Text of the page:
It has been often remarked that Donald MacKenzie MacKinnon (1913-94) has been one of the most influential twentieth-century theologians in the United Kingdom – in England in particular. In fact, in his tribute to MacKinnon, Fergus Kerr regards him as having been “by far the most influential British theologian of the twentieth century”. Yet while it is the case that those who have learned directly from him reads like a veritable theological ‘Who’s Who’ of British theologians, he remains both relatively ill-read and little studied. Given his unsystematic approach and his preference for the essay, the occasional paper, and the book review, this lack of study of MacKinnon may well be an appropriate testimony to what George Steiner terms “Donald’s genius”. These papers are themselves stylistic expressions of MacKinnon’s refusal to engage in providing simplistic systems. On the other hand, the dearth of critical attention is equally misplaced. When his name is mentioned it is frequently in order to amuse with the legion of weird and wonderful stories of eccentricity of a larger-than-life character. Nonetheless, paying attention to his writing might still yield discovery of a method of inquiry that sharpens one’s own intellectual investigation and encourages the kind of intellectual reasoning and conversation that many find all too rarely occur in the contemporary West with the increasing particularisation and professionalization of discourses, and the reduction of public discourse to the banal, trivial and shallow. The testimonies to his genius endorse MacKinnon’s deep erudition, his penetrating engagement with the particular, his concern with matters of social and political justice, and his almost tortured sense of honesty and examination. This is MacKinnon’s extraordinariness.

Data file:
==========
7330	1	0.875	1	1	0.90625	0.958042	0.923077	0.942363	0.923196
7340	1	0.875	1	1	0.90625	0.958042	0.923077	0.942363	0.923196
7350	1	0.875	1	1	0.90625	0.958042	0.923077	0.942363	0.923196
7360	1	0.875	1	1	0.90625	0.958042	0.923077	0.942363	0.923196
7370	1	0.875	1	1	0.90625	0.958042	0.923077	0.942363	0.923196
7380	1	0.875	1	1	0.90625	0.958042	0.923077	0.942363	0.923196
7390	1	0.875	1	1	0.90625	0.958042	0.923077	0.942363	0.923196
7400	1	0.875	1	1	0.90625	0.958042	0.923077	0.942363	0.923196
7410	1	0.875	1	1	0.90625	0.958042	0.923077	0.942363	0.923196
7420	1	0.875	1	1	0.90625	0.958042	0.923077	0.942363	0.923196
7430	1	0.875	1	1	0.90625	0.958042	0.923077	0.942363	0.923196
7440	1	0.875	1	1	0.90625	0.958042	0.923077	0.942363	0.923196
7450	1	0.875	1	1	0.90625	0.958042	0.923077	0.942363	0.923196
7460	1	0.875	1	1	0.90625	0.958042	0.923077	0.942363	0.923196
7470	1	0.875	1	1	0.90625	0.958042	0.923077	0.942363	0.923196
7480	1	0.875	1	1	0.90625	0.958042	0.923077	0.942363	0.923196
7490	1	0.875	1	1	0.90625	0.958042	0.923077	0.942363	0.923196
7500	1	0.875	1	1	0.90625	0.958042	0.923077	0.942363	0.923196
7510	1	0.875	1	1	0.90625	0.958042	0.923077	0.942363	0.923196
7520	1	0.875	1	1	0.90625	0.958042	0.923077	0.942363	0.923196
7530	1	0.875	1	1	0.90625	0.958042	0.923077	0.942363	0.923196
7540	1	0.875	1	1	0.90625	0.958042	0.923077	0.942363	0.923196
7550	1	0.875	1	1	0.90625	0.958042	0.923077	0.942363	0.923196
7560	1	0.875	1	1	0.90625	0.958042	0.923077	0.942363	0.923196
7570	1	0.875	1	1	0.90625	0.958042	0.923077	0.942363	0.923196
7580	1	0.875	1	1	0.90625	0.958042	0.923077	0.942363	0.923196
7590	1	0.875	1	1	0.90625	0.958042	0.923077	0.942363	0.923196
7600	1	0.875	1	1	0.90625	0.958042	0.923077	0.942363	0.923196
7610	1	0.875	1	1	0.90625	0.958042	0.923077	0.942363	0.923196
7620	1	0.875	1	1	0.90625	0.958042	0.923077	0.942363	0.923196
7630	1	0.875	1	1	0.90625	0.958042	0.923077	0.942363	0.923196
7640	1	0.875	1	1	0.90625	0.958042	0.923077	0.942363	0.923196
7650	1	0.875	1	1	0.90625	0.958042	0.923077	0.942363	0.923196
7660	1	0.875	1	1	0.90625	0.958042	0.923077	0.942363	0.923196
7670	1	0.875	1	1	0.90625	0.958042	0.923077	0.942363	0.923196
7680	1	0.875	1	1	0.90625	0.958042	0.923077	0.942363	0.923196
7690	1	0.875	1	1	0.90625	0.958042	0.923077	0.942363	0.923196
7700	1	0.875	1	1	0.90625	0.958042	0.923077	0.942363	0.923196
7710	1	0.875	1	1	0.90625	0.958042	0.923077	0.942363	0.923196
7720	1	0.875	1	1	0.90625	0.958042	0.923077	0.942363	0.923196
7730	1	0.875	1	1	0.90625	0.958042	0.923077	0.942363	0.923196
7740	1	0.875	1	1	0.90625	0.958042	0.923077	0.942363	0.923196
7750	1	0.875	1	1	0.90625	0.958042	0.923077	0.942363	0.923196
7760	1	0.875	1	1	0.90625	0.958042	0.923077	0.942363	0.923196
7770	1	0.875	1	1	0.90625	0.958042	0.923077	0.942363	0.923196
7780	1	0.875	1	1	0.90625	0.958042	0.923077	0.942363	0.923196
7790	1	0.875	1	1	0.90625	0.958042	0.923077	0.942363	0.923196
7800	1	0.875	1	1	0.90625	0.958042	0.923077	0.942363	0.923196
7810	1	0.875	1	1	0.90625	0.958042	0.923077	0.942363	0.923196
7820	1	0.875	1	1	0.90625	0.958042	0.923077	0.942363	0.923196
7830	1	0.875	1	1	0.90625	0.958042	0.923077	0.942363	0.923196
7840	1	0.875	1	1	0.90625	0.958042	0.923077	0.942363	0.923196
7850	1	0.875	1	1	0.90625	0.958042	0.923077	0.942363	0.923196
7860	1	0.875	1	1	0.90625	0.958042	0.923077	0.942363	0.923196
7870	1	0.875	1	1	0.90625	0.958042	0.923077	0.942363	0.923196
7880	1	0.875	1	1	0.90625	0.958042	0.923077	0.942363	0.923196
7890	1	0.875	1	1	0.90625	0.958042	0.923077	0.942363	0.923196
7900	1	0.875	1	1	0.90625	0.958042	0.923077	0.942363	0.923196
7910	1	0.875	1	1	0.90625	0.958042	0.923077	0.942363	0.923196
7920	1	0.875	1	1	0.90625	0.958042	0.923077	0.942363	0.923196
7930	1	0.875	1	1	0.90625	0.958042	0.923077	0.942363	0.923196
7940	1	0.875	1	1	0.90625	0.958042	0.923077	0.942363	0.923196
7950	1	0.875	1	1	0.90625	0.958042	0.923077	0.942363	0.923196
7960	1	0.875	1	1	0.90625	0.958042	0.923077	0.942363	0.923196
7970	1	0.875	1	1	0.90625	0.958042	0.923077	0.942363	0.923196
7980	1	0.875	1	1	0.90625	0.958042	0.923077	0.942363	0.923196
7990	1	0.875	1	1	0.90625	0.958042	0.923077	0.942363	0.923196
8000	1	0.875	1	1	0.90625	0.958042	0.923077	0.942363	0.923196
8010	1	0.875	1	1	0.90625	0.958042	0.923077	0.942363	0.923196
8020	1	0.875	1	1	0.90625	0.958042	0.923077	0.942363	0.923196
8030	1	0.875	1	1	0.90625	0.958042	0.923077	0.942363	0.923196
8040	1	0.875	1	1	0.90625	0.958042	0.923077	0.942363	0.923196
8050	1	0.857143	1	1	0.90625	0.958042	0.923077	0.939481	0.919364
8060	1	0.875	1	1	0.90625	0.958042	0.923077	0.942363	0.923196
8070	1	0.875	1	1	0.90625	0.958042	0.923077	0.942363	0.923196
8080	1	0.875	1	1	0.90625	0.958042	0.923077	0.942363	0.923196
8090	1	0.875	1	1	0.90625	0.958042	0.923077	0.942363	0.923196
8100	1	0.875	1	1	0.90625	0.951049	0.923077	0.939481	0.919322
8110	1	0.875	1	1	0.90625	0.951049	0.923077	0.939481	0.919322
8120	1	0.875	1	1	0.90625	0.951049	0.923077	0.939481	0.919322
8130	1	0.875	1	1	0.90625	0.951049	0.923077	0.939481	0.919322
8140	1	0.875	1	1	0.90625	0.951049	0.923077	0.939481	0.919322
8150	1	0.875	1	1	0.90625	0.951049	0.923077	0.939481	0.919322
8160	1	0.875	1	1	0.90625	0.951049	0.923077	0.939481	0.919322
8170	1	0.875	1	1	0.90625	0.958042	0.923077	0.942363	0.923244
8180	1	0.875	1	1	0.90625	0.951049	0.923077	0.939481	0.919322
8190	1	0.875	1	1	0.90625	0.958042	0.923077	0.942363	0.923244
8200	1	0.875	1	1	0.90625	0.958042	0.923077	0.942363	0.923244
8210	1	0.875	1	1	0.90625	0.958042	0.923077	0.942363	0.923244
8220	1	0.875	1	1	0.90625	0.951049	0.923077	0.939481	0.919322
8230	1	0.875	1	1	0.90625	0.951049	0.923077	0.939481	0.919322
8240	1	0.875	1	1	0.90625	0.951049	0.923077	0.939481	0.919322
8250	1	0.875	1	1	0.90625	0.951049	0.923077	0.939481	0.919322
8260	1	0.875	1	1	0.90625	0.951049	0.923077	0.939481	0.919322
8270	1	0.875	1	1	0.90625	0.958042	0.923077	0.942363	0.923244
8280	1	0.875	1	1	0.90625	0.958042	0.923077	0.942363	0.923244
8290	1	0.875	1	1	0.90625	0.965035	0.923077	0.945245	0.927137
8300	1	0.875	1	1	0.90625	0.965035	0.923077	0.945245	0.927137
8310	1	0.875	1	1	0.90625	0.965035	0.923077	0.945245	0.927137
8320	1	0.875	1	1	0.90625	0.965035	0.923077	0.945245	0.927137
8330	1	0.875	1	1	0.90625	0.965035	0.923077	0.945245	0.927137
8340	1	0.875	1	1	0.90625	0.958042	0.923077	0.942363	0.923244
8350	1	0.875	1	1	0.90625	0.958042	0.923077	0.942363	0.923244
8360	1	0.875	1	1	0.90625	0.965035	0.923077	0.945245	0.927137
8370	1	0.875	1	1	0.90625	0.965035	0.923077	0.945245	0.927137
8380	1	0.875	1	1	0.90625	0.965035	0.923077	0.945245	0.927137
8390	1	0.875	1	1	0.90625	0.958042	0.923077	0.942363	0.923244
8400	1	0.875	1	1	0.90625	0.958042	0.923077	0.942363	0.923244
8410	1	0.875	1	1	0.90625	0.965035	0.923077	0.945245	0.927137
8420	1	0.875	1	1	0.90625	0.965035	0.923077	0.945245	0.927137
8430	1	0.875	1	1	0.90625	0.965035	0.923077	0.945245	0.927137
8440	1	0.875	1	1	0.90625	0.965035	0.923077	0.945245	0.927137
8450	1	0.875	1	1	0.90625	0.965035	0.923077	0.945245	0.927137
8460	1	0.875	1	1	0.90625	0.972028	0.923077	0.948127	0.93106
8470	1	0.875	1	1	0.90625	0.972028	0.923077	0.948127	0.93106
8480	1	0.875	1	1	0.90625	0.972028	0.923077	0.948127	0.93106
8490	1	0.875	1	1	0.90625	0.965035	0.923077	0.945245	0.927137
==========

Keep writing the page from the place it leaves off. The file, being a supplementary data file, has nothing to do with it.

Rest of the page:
Fergus Kerr, ‘Remembering Donald MacKinnon’, New Blackfriars 85 (2004), 265-9 (266).
 André Muller’s recently completed first part of an intellectual biography may begin to address that problem [‘Donald M. MacKinnon: The True Service of the Particular, 1913-1959’, PhD thesis (University of Otago, 2010)].
 George Steiner, ‘Tribute to Donald MacKinnon’, Theology 98 (1995), 2-9 (2).
 In their own way they are testimonies of a sort to the prevention of “the frozen certitudes of the dogmatic, the inertia of the canonic”, to adapt Steiner’s description of Søren Kierkegaard’s style [No Passion Spent: Essays 1978-1996 (London: Faber and Faber, 1996), 253].
Paper available at Academia edu